What is Linguistics?
You may have wondered, "What exactly is Linguistics, and what do linguists do?" You might assume that a linguist is multilingual, and a linguist may, in fact, be a polyglot, but that's not what linguistics is about, strictly speaking. Linguistics is, broadly, the scientific study of language, and many topics are studied under this umbrella. In its nature, linguistics is a multidisciplinary science that shares concerns and methods with all other social sciences.
We often start introductory courses in linguistics with what linguistics is NOT about: it is not about learning to speak languages, it is not about providing tools for the grammar police, it is not about proving which languages are harder than others, and it is not about maintaining the superiority of writing over speech. All those statements beg the question: What IS linguistics all about then? The short answer is that linguistics is a social study of how language in general works.
- Linguistics is a formal study of the sound system (phonology), word structure (morphology), sentence structure and meaning (syntax and semantics) of the world's languages.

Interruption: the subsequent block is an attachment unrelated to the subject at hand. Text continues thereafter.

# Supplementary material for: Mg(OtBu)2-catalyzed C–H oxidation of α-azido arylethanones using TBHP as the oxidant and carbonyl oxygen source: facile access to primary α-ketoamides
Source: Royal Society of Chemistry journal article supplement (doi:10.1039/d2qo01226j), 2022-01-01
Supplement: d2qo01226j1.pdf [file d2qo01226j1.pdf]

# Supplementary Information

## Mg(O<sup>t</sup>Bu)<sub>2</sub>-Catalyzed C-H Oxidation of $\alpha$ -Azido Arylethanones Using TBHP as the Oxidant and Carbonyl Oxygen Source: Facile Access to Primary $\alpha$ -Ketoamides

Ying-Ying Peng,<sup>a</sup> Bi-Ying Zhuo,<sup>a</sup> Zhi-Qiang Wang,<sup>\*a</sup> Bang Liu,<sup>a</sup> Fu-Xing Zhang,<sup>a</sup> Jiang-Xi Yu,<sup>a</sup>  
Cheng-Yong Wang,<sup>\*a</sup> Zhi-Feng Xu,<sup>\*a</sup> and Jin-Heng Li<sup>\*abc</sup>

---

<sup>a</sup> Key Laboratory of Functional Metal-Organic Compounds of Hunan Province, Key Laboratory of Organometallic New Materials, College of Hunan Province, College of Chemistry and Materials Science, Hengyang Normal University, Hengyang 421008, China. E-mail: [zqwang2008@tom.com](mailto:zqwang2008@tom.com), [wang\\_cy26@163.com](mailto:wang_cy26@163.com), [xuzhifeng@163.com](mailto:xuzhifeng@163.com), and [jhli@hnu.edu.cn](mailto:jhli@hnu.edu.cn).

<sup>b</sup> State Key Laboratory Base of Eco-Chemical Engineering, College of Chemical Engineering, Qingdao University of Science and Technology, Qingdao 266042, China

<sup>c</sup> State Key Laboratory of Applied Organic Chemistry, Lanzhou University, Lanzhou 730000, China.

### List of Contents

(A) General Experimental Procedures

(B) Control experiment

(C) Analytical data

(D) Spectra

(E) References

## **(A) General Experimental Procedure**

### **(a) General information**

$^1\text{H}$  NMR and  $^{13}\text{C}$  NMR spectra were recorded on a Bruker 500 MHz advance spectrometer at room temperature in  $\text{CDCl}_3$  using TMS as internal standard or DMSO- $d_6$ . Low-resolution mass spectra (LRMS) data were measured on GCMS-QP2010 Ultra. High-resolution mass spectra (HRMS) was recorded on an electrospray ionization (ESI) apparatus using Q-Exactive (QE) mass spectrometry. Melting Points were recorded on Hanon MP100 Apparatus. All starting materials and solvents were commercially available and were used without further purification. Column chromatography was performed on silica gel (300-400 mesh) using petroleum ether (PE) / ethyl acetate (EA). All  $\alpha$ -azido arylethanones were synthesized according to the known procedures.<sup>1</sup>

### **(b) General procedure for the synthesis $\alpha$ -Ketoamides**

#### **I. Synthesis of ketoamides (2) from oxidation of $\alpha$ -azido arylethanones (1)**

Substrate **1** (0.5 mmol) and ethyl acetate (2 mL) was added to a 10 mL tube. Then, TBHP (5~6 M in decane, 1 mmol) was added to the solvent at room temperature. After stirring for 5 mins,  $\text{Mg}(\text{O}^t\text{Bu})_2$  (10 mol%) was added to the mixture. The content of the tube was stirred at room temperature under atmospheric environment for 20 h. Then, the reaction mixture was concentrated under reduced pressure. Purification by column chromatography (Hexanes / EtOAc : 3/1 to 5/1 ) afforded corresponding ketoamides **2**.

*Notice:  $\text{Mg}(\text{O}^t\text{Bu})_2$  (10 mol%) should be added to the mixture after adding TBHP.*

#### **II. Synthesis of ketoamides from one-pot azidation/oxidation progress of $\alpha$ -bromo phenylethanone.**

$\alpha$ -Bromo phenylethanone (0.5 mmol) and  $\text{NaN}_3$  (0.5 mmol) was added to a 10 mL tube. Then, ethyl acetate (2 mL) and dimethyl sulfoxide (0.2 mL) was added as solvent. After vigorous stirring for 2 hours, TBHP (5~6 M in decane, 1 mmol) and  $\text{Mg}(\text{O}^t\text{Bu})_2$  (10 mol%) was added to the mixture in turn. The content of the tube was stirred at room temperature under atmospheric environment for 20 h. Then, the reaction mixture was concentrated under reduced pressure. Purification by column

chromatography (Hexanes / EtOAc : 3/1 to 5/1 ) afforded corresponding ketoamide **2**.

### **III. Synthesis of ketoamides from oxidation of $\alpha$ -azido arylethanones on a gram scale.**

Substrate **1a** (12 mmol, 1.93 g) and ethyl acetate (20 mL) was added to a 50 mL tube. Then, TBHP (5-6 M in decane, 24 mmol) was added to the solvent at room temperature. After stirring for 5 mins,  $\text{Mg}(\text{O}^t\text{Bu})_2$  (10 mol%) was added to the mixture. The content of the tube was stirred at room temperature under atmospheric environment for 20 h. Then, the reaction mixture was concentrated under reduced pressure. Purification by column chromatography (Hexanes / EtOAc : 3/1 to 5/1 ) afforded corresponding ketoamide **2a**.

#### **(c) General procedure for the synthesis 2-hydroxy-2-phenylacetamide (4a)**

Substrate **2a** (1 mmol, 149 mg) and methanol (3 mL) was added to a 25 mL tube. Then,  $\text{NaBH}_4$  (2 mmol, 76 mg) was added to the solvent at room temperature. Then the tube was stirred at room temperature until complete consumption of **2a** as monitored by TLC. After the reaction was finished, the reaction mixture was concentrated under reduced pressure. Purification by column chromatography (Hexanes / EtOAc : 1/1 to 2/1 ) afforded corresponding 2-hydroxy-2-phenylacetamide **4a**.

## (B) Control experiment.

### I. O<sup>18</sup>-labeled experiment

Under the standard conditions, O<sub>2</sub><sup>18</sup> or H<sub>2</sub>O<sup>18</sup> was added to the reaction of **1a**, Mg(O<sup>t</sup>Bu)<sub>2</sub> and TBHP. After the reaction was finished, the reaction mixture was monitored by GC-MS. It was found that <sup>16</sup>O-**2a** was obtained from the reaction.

- Linguistics is a study of the origins of language and of how language evolved (historical linguistics).
- Linguistics is a study of how languages are acquired in childhood or later in life (language acquisition).
- Linguistics is a study of how languages are used in different social, economic and geographical settings (sociolinguistics and linguistic anthropology).
- Linguistics is a study of the manifestations of language in the brain (neurolinguistics).
The Linguistics Program at USC
Linguistics at USC is comprehensive in its scope. Its mission is to train students to pursue research and teach in a wide range of linguistic subdisciplines. The program strives to develop students' analytical skills and to encourage creative, critical approaches to data, models, and theories.
The program administers three graduate degrees: a Ph.D. in Linguistics, an M.A. in Linguistics, and a Graduate Certificate in Teaching English to Speakers of Other Languages. At the undergraduate level, students may take a cognate or a minor in Linguistics, or pursue a B.A. in Interdisciplinary Studies with a focus on Linguistics.
The Linguistics program benefits from the expertise of faculty and lecturers in our partner departments. The program's professors are experts in specific areas of concentration, such as psycholinguistics or historical linguistics, and mentor Linguistics graduate students with dissertation topics in their areas of expertise.